“Groups” does not have to mean group work—the class as a whole is a group, and in an online class, students are likely to be required to interact with one another in a meaningful way on a regular basis. Because of this, we need to be deliberate in the opportunities we create for students to build trust with us as instructors and with one another. Consider how a question asked in face-to-face class a few weeks into the term can spark a rich, lively conversation, but the same question in an online discussion board might fall flat because no one actually responds to one another in any meaningful way. The participation is more to fulfill a requirement and students might not really care what others have said or want to engage with them. Swift trust can help to change that.
To facilitate swift trust, instructors should take the lead and immediately begin to develop trust with the class as a whole (Ferrazzi, 2012) and model how they should do the same with their individual classmates (York & Richardson, 2012). Certain types of assignments can be given early in the term to give opportunities for both informal and formal interactions to encourage connections to be made between students, thus leading to trust (Carroll, 2007). For instructors more technically inclined and who teach solely in an online environment, videos can help build trust with your students, but so can simple phone calls (O’Leary & Quinlan, 2007). There are many ways that will fit the many personalities and needs of both instructors and students to help make important connections and cultivate trust—not just in the first couple of weeks but throughout the entire term.
|Join Wren Mills on April 30 for the live online seminar, “Engage Early, Build Trust, and Gain Student Retention and Success.” During the program, she’ll provide specific strategies for applying swift trust principles to your course to create a rich learning environment. Learn More »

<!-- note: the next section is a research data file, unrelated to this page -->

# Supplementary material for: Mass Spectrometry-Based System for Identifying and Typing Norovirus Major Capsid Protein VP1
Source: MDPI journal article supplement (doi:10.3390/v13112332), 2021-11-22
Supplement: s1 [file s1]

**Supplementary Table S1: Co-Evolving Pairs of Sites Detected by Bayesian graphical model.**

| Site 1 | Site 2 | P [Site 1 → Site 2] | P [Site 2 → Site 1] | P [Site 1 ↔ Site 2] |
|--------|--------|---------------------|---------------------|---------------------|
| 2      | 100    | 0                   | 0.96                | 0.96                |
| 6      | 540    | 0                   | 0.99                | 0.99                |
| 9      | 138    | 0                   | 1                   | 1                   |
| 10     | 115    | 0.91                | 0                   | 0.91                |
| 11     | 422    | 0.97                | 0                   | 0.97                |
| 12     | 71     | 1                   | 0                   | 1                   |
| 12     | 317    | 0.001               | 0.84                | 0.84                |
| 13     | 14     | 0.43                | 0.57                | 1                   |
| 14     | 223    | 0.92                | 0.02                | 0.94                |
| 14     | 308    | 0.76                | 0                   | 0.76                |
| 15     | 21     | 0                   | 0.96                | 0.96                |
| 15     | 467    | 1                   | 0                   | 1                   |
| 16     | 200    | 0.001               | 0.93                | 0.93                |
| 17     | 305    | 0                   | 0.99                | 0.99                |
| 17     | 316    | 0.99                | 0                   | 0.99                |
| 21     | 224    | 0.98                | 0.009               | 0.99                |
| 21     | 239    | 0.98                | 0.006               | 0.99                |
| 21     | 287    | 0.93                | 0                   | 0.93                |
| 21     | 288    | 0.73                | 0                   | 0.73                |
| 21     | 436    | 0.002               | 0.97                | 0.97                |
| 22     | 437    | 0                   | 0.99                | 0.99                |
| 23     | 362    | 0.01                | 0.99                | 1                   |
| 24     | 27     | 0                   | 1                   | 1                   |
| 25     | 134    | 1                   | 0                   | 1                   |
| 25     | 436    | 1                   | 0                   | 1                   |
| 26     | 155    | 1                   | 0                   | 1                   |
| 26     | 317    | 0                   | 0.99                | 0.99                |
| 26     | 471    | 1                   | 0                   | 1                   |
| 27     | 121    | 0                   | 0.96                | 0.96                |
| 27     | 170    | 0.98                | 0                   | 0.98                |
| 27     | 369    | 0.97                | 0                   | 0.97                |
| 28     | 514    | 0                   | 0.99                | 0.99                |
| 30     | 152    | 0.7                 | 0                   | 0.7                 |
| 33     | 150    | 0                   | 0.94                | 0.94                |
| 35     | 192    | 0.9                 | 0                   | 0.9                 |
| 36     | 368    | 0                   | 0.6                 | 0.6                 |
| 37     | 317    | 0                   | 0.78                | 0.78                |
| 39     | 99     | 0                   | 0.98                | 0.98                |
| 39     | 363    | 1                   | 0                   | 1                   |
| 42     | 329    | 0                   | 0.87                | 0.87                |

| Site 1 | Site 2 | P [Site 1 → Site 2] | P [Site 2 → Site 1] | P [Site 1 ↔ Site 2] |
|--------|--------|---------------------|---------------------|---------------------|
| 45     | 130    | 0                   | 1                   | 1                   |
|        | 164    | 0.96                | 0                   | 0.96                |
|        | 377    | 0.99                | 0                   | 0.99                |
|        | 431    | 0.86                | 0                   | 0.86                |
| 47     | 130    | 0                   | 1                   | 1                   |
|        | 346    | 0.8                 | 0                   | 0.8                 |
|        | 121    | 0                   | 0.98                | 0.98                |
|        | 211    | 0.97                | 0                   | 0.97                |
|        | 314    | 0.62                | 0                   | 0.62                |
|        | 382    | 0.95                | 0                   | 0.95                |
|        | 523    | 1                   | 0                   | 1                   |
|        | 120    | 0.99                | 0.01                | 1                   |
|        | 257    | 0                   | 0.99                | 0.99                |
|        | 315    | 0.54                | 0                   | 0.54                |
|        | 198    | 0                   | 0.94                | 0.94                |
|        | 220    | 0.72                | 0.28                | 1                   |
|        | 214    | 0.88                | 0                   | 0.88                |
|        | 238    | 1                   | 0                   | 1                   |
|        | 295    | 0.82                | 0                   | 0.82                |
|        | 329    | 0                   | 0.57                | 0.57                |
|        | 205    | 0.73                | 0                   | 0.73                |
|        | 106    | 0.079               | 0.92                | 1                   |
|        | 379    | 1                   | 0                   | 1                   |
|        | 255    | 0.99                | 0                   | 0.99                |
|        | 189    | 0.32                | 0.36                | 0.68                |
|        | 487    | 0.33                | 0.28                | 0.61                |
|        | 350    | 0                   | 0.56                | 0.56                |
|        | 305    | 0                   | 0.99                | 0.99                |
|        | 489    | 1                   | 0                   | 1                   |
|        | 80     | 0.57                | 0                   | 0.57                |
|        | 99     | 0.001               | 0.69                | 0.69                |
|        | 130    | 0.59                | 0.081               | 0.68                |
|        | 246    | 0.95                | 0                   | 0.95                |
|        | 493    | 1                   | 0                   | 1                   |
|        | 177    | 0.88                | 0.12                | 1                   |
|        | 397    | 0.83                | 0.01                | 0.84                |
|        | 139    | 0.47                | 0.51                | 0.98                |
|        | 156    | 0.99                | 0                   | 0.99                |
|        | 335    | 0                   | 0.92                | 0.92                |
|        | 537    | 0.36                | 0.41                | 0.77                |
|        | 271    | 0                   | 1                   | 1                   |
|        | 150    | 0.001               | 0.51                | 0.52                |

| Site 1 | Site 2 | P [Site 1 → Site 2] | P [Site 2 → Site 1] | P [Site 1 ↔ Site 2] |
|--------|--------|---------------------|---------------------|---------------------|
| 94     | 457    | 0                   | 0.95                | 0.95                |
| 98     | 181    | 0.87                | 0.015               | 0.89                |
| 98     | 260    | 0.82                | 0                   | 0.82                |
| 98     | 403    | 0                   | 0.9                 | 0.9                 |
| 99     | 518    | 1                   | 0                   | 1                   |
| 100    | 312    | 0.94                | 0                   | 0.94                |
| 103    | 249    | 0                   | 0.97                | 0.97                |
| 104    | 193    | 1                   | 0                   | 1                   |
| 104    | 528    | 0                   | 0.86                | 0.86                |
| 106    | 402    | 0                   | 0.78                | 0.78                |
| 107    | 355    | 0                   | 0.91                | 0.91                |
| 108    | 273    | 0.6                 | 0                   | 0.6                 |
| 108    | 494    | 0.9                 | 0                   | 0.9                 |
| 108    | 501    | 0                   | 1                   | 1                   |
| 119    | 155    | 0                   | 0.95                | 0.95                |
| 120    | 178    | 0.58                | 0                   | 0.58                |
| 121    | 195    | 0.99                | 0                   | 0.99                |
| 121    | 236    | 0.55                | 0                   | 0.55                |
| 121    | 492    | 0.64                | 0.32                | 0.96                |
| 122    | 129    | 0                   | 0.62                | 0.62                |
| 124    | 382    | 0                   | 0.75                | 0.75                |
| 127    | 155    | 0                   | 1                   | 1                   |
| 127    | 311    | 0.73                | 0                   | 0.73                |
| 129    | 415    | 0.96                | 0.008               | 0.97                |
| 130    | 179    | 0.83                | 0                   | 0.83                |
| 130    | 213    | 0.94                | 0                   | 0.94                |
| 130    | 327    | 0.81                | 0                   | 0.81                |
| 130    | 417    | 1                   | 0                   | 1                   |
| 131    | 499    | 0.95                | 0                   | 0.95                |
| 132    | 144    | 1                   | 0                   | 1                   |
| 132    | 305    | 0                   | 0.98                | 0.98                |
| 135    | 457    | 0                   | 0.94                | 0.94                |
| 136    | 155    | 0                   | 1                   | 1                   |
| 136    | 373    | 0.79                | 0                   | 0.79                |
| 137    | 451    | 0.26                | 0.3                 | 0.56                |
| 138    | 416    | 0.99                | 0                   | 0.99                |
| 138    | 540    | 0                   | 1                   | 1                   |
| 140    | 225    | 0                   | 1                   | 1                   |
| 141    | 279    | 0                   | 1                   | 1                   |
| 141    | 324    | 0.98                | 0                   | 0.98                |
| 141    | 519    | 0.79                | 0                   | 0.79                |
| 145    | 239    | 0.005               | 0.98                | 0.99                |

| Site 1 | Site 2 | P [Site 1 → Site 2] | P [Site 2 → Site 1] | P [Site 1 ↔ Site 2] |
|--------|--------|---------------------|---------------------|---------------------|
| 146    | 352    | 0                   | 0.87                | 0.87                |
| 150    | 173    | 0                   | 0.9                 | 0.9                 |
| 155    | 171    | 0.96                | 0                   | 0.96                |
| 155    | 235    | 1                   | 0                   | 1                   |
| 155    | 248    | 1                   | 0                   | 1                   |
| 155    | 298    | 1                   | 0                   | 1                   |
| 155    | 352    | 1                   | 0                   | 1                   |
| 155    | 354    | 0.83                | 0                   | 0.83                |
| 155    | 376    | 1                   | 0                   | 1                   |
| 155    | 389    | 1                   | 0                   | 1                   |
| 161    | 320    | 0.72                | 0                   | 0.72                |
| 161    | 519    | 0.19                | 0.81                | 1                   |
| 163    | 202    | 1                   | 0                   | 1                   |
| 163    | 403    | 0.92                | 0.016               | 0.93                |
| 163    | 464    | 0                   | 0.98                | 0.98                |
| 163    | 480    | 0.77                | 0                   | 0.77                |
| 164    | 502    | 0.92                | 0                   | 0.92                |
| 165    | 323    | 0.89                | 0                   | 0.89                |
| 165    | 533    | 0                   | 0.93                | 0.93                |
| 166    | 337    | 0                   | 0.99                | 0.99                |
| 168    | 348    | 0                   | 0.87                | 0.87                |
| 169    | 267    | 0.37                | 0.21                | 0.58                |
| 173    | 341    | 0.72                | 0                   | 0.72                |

Carroll, B. (2007). Building trust in virtual teams. Leading Virtually. Available online at http://www.leadingvirtually.com/15/
Costa, A. C. (2003). Work team trust and effectiveness. Personnel review, 32 (5), 605-622.
Crisp, C. B. & Jarvenpaa, S.L., (2013). Swift trust in global virtual teams: Trusting beliefs and normative actions. Journal of Personnel Psychology, 12(1), 45-56.
Ferrazzi, K. (2012). How to build trust in a virtual workplace. Harvard Business Review. Available online at https://hbr.org/2012/10/how-to-build-trust-in-virtual
Jarvenpaa, S. L., & Leidner, D. E. (1998). Communication and trust in global virtual teams. Journal of Computer-Mediated Communication, 3(4), 1–36.
Meyerson, D., Weick, K. E., and Kramer, R. M. (1995). Swift trust and temporary systems. In R. M. Kramer and T. R. Tyler (Eds.) Trust in organizations: Frontiers in theory and research. Sage: Thousand Oaks, CA. 166-195.
Settle-Murphy, N. (2006). Building trust within virtual teams – Small steps add up. Guided Insights. Available online from https://www.guidedinsights.com/building-trust-within-virtual-teams-small-steps-add-up/
York, C.S. & Richardson, J.C. (2012). Interpersonal interaction in online learning: Experienced online instructors’ perceptions of influencing factors. Journal of Asynchronous Learning Networks, 16(4), 83—98. Retrieved from https://onlinelearningconsortium.org/read/olc-online-learning-journal/
Wren Mills is the assistant director for the Center for Innovative Teaching and Learning at Western Kentucky University.